Attempting to lose weight may be more complex than eating less and exercising more. A new study from Oregon found that some participants who had the most trouble dropping 10 pounds on a weight loss program were so stressed or depressed that they slept less than six hours or more than eight hours a night.
A total of 472 obese adults over age 30 participated in the study; 83 percent of them were women and a quarter of all the subjects were over 65. The program involved attending weekly group counseling sessions, keeping a food diary, exercising for at least three hours per week and cutting 500 calories a day on a low-fat, low-salt diet that included lots of fruits, vegetables, whole grains and lean protein.
On average, participants in the study lost nearly 14 pounds in six months, but those who were so stressed (and depressed) that it affected their sleep were the least likely to lose 10 pounds.
These study results aren’t surprising. Earlier research has suggested that appetite-regulating hormones are affected by sleep and that sleep deprivation could lead to weight gain. In two studies, people who slept five hours or less per night had higher levels of ghrelin – a hormone that stimulates hunger – and lower levels of the appetite-suppressing hormone leptin than those who slept eight hours per night. Sleeping problems are widespread and stem from all kinds of stress generated by work, school, social demands and personal problems.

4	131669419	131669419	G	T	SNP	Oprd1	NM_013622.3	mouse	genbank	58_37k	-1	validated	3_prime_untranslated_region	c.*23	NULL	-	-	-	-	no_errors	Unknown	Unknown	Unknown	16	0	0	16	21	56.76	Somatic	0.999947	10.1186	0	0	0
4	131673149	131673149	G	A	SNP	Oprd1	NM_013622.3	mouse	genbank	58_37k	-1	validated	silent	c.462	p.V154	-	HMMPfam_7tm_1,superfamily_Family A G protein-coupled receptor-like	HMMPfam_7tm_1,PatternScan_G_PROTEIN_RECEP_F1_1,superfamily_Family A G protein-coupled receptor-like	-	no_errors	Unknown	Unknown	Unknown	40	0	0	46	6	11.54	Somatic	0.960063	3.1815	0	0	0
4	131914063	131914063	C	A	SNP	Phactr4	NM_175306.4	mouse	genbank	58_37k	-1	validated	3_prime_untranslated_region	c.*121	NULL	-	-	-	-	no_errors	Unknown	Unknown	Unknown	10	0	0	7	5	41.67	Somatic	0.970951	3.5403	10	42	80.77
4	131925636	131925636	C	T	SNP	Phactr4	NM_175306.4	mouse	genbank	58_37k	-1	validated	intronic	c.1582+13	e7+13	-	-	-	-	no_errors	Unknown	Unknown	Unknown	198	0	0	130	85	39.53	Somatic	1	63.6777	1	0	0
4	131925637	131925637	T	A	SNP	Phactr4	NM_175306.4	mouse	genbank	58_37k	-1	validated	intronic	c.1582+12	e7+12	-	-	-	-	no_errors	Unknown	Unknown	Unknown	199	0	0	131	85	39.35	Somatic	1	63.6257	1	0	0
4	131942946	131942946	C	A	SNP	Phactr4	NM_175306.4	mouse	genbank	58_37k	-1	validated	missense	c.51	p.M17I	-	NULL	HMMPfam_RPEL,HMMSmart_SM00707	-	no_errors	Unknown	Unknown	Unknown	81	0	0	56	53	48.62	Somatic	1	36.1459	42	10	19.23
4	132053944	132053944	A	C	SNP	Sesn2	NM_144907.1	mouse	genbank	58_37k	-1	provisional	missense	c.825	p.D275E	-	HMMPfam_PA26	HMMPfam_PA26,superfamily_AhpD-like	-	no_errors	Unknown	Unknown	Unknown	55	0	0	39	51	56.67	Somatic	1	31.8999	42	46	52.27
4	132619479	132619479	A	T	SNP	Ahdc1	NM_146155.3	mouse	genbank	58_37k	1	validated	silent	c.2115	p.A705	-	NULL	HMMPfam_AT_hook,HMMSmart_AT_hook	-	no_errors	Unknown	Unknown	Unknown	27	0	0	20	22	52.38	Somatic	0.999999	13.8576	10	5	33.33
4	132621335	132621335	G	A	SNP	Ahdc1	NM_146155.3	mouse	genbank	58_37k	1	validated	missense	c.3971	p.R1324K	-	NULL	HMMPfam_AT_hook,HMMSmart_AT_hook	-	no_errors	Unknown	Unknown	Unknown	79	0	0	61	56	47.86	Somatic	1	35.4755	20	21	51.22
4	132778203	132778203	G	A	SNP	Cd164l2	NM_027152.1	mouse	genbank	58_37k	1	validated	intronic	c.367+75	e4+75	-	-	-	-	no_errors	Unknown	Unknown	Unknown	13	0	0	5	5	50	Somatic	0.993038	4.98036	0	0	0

As this study suggests, reducing your stress and improving your sleep may be a worthwhile approach to weight control.